the attention-seeking behavior has stopped working.
As with many of these techniques, tactical
ignoring is best linked with positive reinforcement. An example
is a child throwing a tantrum to seek attention. In this case, a
comforting hug or even a scolding gets the attention desired. However,
the parent ignores the tantrum. When it has stopped, the child is
immediately rewarded with praise, a treat or favorite activity.
It pays to be very specific with positive reinforcement: "It's
great when you are quiet" instead of "Good boy!"
Always label the behavior you are praising. “Good
girl” is very vague; “I like how you picked up your jacket” is specific.
is removing the child from any positive stimulus. In brief,
the idea is to keep the child isolated for a limited period of time,
intended to allow it to calm down, learn coping skills and discourage
inappropriate behavior. It is also a time for parents to separate
feelings of anger toward the child for their behavior and develop
a plan for discipline.
reinforcement is generally the most effective behavior management
strategy, as it underlies the majority of all human behavior. We
act in a certain way to obtain desirable consequences.
Positive reinforcement is an incentive given to
a child who complies with some request for behavior change. The
aim is to increase the chances the child will respond with the changed
behavior. Positive reinforcement is given immediately after the
desired behavior has occurred so that it will shape the child's
The difference between reinforcement and bribery
is that reinforcement comes after a task is completed whereas bribery
is offered before. That is not to say that you can’t show your child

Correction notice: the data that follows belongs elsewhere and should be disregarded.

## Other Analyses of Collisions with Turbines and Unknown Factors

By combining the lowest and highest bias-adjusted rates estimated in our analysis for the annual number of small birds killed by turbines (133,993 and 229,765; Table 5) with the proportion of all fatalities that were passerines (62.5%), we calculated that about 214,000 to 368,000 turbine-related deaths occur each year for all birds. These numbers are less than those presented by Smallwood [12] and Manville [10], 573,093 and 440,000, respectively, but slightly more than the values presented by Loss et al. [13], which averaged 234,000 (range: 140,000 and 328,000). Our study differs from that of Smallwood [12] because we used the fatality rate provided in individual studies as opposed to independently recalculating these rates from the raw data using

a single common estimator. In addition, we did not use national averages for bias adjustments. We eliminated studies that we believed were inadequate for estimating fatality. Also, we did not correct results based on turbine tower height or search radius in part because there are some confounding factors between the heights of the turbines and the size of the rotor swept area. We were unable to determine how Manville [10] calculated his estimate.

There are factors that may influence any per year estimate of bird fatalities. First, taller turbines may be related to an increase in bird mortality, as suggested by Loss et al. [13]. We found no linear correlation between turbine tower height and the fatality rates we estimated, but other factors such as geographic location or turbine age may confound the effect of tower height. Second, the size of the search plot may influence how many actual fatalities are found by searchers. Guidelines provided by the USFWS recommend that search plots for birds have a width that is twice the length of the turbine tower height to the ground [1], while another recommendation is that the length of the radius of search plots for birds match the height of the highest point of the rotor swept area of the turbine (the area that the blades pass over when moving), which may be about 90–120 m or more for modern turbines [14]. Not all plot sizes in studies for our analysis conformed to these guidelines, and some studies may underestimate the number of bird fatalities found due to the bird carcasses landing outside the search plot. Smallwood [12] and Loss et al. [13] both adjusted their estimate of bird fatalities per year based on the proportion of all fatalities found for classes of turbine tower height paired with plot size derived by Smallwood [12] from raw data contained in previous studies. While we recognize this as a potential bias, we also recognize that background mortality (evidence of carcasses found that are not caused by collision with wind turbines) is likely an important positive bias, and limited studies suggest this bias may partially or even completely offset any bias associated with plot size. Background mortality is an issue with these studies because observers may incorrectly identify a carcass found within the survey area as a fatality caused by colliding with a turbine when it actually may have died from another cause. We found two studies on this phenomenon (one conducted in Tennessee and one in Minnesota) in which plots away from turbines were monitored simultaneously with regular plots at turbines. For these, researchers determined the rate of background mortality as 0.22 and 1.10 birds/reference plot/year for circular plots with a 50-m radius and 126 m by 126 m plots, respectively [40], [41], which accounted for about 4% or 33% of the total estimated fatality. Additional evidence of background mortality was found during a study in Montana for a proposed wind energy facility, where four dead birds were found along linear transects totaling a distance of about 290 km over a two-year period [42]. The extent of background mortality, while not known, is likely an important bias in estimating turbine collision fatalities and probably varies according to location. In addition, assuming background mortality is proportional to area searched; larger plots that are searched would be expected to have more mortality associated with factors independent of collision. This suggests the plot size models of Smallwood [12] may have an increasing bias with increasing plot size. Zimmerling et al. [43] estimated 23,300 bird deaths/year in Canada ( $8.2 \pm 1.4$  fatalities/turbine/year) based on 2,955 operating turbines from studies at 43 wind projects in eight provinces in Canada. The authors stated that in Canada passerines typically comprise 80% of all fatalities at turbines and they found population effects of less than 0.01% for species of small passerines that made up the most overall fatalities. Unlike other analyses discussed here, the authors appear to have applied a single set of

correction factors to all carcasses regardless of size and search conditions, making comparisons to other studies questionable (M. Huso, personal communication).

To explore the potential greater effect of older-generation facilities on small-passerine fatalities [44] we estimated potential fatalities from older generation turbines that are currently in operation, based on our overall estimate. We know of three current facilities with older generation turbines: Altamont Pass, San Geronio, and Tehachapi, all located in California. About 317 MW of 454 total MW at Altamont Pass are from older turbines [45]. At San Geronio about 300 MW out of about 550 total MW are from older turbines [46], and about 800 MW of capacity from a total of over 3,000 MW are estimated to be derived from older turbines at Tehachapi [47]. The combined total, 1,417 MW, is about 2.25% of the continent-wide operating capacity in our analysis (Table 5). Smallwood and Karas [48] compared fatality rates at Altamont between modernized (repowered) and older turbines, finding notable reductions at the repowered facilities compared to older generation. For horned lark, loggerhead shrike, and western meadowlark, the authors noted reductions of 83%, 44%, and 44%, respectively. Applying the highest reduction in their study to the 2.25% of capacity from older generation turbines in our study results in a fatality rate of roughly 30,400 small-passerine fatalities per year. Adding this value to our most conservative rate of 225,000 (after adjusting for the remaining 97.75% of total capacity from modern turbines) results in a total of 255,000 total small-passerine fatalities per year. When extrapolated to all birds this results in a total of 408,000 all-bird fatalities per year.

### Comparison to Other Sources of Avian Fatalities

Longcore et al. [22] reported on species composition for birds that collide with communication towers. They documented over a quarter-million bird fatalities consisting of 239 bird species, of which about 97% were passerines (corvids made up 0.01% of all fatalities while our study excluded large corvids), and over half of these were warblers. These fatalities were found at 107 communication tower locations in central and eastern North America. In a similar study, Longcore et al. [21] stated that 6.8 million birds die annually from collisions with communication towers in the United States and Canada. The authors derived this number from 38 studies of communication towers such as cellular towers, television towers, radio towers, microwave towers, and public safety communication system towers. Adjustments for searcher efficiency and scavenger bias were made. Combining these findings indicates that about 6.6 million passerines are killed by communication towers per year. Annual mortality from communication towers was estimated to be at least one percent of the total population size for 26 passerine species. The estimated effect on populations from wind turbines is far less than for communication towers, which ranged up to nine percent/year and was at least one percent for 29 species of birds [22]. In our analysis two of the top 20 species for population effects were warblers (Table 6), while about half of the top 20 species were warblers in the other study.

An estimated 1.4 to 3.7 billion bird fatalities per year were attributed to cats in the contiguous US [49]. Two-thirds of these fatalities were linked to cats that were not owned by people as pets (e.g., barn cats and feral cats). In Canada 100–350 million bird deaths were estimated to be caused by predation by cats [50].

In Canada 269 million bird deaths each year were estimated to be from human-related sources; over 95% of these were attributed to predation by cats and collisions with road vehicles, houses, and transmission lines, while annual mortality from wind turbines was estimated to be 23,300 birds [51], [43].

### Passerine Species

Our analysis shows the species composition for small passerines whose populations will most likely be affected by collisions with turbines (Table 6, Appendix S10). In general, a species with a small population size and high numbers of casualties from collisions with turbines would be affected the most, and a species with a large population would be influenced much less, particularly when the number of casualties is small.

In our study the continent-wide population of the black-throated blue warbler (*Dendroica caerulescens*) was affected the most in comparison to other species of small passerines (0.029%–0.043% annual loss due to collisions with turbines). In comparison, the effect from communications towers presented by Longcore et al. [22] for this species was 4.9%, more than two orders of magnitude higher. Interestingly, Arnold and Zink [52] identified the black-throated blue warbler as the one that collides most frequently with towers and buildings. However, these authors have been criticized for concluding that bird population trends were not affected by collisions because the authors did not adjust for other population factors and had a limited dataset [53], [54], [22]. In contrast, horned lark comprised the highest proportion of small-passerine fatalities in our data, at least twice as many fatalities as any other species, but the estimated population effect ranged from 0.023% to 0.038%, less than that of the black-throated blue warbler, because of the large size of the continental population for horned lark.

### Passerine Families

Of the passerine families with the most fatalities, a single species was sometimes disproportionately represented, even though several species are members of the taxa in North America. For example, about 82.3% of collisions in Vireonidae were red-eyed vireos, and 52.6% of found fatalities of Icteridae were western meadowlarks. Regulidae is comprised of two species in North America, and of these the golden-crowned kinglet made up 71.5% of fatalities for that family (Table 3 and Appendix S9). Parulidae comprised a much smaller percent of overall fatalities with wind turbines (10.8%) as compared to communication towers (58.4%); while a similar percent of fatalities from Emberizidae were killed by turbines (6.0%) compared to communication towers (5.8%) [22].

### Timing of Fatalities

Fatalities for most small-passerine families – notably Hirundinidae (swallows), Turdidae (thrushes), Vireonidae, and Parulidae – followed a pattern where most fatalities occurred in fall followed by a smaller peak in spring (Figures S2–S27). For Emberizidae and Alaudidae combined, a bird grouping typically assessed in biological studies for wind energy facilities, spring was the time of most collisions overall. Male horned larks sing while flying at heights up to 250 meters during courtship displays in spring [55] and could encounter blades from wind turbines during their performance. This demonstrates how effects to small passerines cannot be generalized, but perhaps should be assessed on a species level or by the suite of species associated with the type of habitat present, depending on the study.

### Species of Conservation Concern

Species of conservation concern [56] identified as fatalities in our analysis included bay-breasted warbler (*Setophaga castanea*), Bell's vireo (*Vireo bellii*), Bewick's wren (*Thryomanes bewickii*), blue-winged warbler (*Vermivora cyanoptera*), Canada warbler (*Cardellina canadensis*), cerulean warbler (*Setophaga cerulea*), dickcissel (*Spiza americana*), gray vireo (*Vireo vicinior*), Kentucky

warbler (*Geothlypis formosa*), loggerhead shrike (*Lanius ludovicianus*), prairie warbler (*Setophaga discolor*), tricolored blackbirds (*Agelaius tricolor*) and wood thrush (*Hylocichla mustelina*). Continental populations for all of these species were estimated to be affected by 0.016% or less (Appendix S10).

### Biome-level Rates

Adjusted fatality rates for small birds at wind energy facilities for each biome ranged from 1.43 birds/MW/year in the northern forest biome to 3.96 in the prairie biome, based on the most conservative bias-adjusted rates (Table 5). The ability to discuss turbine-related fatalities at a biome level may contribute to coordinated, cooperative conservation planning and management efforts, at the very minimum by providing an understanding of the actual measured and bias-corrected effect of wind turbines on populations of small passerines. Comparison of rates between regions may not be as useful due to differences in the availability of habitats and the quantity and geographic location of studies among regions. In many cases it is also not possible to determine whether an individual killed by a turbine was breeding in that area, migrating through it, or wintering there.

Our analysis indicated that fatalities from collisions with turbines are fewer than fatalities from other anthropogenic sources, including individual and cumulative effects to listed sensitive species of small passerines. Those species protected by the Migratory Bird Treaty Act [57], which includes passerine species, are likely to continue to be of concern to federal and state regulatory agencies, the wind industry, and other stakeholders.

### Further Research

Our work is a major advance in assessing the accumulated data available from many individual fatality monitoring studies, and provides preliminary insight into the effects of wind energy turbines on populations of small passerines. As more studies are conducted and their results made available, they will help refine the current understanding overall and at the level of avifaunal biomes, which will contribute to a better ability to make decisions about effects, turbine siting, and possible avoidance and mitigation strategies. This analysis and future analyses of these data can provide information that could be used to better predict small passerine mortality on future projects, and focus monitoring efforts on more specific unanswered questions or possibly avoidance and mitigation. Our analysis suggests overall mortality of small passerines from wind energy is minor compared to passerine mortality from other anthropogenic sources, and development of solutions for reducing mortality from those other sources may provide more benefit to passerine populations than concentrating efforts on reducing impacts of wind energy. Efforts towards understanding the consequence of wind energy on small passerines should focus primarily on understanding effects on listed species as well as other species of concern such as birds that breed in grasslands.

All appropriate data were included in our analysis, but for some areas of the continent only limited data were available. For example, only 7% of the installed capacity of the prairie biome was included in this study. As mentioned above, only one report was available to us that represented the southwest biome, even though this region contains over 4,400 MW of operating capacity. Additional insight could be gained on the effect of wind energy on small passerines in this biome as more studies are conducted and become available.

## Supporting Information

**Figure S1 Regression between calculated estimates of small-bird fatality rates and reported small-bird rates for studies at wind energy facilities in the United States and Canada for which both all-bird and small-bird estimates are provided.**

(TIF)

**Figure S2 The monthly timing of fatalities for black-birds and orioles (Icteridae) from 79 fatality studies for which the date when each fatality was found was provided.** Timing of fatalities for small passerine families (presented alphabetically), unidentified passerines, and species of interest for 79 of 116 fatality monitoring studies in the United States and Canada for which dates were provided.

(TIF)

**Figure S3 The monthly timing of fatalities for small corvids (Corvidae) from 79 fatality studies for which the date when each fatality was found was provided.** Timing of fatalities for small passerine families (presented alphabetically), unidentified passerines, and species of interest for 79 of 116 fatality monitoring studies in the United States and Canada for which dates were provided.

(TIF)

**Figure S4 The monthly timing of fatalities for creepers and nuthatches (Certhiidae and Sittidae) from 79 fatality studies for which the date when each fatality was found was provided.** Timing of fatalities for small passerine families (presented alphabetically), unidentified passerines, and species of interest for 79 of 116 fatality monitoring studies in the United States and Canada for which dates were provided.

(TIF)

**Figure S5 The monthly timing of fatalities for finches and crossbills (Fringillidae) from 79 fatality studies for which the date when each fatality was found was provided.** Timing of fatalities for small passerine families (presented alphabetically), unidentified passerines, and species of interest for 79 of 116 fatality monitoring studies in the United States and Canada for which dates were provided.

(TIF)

the reinforcer he or she is working for during trials. In this case,
it would be a visual cue. If you offered a treat before even making
a request, you would be using bribery.
When choosing reinforcers for people, remember
that each individual will respond to different things.
• Looking at what has motivated the child in the
• asking the child what they like and dislike
• Look at their deprivation state – what do they want, that they
cannot easily get?
• Try to make sure the reinforcer is practical, ethical and valid
for the behavior being targeted.
Timing is critical to the effectiveness of positive
reinforcement. It is important for an individual to feel that the
goal is achievable and that reinforcement is attainable.
end difficult days on a positive note
Set your child up for success. When your child
is having a difficult day, be sure to end on a positive note. You
can do this by requesting a skill the child has already mastered,
then deliver some nice verbal praise. Both you and your child can
do with the encouragement of knowing how far you have come!